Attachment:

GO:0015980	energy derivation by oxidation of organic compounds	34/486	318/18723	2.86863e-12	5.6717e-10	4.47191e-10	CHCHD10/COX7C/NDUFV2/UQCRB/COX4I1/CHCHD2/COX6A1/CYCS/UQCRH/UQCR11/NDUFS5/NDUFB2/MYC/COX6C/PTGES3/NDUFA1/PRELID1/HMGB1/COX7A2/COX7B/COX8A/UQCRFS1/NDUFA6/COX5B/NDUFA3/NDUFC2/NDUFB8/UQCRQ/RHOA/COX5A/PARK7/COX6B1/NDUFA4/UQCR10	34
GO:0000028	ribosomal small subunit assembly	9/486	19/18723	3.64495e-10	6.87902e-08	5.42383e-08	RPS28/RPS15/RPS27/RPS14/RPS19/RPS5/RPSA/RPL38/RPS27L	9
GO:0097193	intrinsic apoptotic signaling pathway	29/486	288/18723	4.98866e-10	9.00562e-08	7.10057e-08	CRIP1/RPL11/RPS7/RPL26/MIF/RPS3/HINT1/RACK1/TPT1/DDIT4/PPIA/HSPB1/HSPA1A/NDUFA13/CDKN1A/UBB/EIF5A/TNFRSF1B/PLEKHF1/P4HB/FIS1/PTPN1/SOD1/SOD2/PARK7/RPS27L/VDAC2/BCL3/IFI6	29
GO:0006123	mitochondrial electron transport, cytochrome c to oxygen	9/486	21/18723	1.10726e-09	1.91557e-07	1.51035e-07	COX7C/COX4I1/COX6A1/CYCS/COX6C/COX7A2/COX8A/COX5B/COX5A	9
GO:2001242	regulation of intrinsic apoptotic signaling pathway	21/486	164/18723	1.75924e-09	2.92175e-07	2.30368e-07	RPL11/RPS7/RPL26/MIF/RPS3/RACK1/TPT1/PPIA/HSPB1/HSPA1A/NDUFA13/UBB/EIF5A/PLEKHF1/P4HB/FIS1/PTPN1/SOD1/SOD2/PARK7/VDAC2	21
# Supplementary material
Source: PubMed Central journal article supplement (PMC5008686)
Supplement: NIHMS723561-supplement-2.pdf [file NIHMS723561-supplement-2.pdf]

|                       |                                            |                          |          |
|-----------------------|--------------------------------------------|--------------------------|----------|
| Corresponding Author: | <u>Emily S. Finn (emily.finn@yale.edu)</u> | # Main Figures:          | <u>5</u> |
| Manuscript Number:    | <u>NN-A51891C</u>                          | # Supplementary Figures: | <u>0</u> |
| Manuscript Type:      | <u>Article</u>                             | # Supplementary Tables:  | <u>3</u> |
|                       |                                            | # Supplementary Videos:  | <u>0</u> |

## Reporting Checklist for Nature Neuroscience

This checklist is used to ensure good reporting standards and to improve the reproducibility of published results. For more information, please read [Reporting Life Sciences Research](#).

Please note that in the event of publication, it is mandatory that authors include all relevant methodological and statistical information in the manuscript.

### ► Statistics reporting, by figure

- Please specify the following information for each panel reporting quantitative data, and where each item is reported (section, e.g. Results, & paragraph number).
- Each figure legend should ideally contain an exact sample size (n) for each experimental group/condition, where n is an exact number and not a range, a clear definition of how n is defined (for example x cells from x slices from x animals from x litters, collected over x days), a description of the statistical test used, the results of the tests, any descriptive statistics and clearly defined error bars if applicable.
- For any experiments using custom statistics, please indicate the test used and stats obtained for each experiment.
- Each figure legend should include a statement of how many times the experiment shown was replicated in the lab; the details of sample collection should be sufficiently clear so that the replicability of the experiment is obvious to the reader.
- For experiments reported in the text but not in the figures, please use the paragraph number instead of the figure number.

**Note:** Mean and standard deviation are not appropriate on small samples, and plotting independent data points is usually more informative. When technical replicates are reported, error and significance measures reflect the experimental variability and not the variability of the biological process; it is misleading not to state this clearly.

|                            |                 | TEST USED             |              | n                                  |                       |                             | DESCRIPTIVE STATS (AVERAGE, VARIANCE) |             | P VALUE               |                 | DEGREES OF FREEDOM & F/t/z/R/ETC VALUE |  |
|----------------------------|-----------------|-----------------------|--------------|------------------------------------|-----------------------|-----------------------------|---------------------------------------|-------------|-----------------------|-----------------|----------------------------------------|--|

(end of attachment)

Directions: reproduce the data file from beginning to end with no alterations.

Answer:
GO:0015980	energy derivation by oxidation of organic compounds	34/486	318/18723	2.86863e-12	5.6717e-10	4.47191e-10	CHCHD10/COX7C/NDUFV2/UQCRB/COX4I1/CHCHD2/COX6A1/CYCS/UQCRH/UQCR11/NDUFS5/NDUFB2/MYC/COX6C/PTGES3/NDUFA1/PRELID1/HMGB1/COX7A2/COX7B/COX8A/UQCRFS1/NDUFA6/COX5B/NDUFA3/NDUFC2/NDUFB8/UQCRQ/RHOA/COX5A/PARK7/COX6B1/NDUFA4/UQCR10	34
GO:0000028	ribosomal small subunit assembly	9/486	19/18723	3.64495e-10	6.87902e-08	5.42383e-08	RPS28/RPS15/RPS27/RPS14/RPS19/RPS5/RPSA/RPL38/RPS27L	9
GO:0097193	intrinsic apoptotic signaling pathway	29/486	288/18723	4.98866e-10	9.00562e-08	7.10057e-08	CRIP1/RPL11/RPS7/RPL26/MIF/RPS3/HINT1/RACK1/TPT1/DDIT4/PPIA/HSPB1/HSPA1A/NDUFA13/CDKN1A/UBB/EIF5A/TNFRSF1B/PLEKHF1/P4HB/FIS1/PTPN1/SOD1/SOD2/PARK7/RPS27L/VDAC2/BCL3/IFI6	29
GO:0006123	mitochondrial electron transport, cytochrome c to oxygen	9/486	21/18723	1.10726e-09	1.91557e-07	1.51035e-07	COX7C/COX4I1/COX6A1/CYCS/COX6C/COX7A2/COX8A/COX5B/COX5A	9
GO:2001242	regulation of intrinsic apoptotic signaling pathway	21/486	164/18723	1.75924e-09	2.92175e-07	2.30368e-07	RPL11/RPS7/RPL26/MIF/RPS3/RACK1/TPT1/PPIA/HSPB1/HSPA1A/NDUFA13/UBB/EIF5A/PLEKHF1/P4HB/FIS1/PTPN1/SOD1/SOD2/PARK7/VDAC2	21
# Supplementary material
Source: PubMed Central journal article supplement (PMC5008686)
Supplement: NIHMS723561-supplement-2.pdf [file NIHMS723561-supplement-2.pdf]

|                       |                                            |                          |          |
|-----------------------|--------------------------------------------|--------------------------|----------|
| Corresponding Author: | <u>Emily S. Finn (emily.finn@yale.edu)</u> | # Main Figures:          | <u>5</u> |
| Manuscript Number:    | <u>NN-A51891C</u>                          | # Supplementary Figures: | <u>0</u> |
| Manuscript Type:      | <u>Article</u>                             | # Supplementary Tables:  | <u>3</u> |
|                       |                                            | # Supplementary Videos:  | <u>0</u> |

## Reporting Checklist for Nature Neuroscience

This checklist is used to ensure good reporting standards and to improve the reproducibility of published results. For more information, please read [Reporting Life Sciences Research](#).

Please note that in the event of publication, it is mandatory that authors include all relevant methodological and statistical information in the manuscript.

### ► Statistics reporting, by figure

- Please specify the following information for each panel reporting quantitative data, and where each item is reported (section, e.g. Results, & paragraph number).
- Each figure legend should ideally contain an exact sample size (n) for each experimental group/condition, where n is an exact number and not a range, a clear definition of how n is defined (for example x cells from x slices from x animals from x litters, collected over x days), a description of the statistical test used, the results of the tests, any descriptive statistics and clearly defined error bars if applicable.
- For any experiments using custom statistics, please indicate the test used and stats obtained for each experiment.
- Each figure legend should include a statement of how many times the experiment shown was replicated in the lab; the details of sample collection should be sufficiently clear so that the replicability of the experiment is obvious to the reader.
- For experiments reported in the text but not in the figures, please use the paragraph number instead of the figure number.

**Note:** Mean and standard deviation are not appropriate on small samples, and plotting independent data points is usually more informative. When technical replicates are reported, error and significance measures reflect the experimental variability and not the variability of the biological process; it is misleading not to state this clearly.

|                            |                 | TEST USED             |              | n                                  |                       |                             | DESCRIPTIVE STATS (AVERAGE, VARIANCE) |             | P VALUE               |                 | DEGREES OF FREEDOM & F/t/z/R/ETC VALUE |  |
|----------------------------|-----------------|-----------------------|--------------|------------------------------------|-----------------------|-----------------------------|---------------------------------------|-------------|-----------------------|-----------------|----------------------------------------|--|